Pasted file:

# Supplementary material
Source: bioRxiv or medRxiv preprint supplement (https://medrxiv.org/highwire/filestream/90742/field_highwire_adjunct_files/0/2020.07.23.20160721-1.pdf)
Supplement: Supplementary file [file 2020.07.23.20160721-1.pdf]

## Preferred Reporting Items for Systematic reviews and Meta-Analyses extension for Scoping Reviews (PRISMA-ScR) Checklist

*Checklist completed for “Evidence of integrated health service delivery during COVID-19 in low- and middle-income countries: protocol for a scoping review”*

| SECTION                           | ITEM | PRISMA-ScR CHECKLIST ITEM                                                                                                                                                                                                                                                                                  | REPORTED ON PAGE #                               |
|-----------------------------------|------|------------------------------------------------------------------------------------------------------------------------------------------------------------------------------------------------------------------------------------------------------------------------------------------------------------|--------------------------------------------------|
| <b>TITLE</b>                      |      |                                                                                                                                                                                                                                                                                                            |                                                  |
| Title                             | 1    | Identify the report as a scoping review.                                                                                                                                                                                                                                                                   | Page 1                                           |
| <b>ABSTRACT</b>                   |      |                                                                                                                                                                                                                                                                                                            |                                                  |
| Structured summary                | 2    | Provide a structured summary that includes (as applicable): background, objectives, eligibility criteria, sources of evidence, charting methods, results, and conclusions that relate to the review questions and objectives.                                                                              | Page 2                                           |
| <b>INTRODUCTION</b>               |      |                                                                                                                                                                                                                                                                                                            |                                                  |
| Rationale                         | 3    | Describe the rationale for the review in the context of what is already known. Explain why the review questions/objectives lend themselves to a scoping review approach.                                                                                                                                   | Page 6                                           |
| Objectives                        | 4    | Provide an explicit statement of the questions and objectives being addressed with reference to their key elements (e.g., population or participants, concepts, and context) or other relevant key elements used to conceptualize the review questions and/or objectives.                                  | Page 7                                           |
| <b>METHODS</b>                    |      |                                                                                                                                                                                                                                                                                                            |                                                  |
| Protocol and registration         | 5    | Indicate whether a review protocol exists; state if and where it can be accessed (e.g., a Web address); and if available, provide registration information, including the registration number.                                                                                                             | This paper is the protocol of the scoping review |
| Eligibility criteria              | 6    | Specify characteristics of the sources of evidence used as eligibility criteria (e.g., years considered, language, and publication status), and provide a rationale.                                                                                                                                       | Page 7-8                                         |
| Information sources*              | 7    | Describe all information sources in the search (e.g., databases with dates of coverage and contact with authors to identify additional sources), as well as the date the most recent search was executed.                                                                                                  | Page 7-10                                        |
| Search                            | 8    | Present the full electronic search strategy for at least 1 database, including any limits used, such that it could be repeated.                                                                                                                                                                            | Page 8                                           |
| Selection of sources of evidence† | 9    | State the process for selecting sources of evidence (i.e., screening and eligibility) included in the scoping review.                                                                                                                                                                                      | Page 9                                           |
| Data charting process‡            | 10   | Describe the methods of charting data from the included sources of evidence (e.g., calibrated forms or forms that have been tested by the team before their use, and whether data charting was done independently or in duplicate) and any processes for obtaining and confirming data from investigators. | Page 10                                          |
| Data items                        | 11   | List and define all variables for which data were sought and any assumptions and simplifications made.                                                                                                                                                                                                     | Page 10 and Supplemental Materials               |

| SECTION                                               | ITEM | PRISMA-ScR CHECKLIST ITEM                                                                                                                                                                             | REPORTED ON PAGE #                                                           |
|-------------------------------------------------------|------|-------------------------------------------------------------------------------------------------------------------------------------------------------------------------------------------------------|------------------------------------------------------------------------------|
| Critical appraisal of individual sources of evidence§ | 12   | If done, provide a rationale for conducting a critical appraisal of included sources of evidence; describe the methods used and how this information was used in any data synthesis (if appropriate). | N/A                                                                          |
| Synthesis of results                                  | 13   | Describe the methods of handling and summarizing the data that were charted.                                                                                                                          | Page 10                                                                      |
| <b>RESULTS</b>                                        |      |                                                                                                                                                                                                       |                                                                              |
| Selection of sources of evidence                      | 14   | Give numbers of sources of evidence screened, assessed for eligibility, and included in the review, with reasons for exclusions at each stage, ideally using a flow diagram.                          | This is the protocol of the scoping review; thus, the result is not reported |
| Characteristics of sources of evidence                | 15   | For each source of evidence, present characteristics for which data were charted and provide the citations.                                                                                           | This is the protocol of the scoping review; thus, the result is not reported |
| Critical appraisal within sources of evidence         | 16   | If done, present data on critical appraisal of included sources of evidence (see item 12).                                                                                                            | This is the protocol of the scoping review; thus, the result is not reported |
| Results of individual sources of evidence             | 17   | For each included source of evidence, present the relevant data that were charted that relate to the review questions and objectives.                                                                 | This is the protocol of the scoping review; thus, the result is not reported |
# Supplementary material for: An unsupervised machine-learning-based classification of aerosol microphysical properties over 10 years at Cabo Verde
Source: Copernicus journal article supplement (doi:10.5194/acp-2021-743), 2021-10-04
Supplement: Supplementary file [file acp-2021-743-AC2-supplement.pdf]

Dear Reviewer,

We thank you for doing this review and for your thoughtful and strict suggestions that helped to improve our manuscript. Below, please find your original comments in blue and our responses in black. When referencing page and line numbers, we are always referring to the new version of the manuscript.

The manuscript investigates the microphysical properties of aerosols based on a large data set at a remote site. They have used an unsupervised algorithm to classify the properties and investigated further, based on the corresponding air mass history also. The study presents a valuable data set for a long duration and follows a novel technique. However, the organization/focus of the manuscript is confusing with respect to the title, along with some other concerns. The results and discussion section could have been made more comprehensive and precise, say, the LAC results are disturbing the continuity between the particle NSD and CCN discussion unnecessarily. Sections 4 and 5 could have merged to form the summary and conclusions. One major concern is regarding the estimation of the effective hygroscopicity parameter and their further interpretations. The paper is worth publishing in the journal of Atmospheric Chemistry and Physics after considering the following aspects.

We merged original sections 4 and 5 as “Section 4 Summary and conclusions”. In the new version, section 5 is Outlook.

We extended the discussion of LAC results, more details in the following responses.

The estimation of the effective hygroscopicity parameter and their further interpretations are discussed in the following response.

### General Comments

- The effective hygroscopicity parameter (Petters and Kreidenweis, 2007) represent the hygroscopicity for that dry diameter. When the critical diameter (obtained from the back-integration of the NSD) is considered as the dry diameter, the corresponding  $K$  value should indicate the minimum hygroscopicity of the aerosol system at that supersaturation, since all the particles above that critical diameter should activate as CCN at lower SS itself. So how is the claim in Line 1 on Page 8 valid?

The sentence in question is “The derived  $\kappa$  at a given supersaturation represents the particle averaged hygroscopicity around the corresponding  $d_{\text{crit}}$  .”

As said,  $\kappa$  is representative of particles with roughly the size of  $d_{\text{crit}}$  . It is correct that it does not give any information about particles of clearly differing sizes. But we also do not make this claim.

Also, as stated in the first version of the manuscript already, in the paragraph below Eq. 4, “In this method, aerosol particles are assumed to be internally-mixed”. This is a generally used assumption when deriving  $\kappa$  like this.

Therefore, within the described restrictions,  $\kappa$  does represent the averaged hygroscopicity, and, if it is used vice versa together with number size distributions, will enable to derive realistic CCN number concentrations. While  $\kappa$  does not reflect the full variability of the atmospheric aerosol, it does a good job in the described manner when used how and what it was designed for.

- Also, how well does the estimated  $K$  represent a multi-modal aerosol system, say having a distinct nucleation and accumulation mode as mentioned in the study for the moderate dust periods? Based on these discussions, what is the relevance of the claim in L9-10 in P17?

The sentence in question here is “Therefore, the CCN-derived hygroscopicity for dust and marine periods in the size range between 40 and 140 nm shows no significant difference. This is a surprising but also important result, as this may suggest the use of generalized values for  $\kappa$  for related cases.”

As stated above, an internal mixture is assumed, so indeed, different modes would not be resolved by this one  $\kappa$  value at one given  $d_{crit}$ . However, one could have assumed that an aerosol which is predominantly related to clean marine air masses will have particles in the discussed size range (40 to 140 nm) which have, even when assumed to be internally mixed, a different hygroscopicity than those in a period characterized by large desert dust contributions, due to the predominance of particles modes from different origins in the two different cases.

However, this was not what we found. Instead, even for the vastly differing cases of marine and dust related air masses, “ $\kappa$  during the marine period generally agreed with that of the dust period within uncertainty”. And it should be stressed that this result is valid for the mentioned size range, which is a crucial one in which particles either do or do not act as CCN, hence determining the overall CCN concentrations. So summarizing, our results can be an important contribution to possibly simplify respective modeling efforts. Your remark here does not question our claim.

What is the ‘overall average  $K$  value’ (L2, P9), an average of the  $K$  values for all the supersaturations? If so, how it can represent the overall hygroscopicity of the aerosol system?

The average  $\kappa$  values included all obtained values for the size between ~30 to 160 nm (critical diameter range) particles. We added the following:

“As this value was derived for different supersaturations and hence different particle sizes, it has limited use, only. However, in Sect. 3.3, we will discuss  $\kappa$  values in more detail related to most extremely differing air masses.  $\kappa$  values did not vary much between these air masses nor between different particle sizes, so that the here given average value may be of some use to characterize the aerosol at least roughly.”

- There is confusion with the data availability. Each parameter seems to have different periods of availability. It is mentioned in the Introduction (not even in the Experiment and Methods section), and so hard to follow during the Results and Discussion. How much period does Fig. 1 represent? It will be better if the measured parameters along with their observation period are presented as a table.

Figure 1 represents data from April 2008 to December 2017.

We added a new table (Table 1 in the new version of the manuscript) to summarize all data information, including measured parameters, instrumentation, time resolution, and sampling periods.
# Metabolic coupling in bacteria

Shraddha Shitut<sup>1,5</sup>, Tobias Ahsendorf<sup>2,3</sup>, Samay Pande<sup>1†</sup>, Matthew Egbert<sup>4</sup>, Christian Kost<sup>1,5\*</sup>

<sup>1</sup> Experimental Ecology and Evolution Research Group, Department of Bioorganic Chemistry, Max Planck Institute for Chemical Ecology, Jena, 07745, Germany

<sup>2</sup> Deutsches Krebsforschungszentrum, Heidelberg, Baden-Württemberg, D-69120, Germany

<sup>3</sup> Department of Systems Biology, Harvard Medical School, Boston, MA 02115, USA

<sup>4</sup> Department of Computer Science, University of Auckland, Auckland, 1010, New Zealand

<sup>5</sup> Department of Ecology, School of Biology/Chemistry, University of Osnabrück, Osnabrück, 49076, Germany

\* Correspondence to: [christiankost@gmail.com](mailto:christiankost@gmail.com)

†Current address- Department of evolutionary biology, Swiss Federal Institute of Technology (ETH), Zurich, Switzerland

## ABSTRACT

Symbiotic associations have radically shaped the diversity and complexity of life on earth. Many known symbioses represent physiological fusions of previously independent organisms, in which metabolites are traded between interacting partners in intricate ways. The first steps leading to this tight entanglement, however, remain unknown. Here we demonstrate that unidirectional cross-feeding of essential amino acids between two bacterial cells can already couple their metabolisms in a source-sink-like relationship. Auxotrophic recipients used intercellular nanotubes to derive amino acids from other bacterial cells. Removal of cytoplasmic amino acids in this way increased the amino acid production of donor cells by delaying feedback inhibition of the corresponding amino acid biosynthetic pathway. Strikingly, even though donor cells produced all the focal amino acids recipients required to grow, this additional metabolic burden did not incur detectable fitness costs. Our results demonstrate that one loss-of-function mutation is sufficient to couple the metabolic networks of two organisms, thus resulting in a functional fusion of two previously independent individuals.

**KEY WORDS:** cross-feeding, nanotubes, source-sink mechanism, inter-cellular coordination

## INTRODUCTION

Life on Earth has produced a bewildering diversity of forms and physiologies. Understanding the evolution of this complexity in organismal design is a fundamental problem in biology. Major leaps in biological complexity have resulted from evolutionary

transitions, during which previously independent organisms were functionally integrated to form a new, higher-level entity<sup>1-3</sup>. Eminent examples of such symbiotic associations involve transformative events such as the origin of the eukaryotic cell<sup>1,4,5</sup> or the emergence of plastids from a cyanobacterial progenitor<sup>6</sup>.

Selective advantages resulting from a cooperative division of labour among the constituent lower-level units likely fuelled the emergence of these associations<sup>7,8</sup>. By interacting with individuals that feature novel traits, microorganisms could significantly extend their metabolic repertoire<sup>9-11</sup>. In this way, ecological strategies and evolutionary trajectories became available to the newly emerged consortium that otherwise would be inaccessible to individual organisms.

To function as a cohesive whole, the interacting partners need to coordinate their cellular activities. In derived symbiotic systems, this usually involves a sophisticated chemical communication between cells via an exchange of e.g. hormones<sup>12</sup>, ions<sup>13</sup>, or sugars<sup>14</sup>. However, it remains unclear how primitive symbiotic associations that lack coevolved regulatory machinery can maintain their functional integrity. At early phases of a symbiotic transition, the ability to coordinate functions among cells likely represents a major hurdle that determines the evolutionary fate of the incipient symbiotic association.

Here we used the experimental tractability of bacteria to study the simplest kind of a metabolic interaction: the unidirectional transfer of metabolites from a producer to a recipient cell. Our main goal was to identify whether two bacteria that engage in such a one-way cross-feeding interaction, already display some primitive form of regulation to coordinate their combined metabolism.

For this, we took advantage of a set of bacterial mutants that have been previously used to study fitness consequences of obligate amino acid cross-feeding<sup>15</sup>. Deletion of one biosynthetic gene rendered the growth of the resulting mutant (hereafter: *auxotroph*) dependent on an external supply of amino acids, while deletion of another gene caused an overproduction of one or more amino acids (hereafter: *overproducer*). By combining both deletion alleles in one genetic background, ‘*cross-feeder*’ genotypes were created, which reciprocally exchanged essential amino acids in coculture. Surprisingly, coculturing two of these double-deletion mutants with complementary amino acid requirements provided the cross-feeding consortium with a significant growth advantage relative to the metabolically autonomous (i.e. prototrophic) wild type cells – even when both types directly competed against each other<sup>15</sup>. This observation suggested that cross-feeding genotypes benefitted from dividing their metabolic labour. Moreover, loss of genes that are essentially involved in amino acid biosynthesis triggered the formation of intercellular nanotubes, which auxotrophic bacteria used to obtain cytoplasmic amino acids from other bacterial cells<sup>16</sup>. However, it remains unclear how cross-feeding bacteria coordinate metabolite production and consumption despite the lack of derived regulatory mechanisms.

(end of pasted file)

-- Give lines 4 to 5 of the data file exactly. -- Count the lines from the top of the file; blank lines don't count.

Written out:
## Preferred Reporting Items for Systematic reviews and Meta-Analyses extension for Scoping Reviews (PRISMA-ScR) Checklist

*Checklist completed for “Evidence of integrated health service delivery during COVID-19 in low- and middle-income countries: protocol for a scoping review”*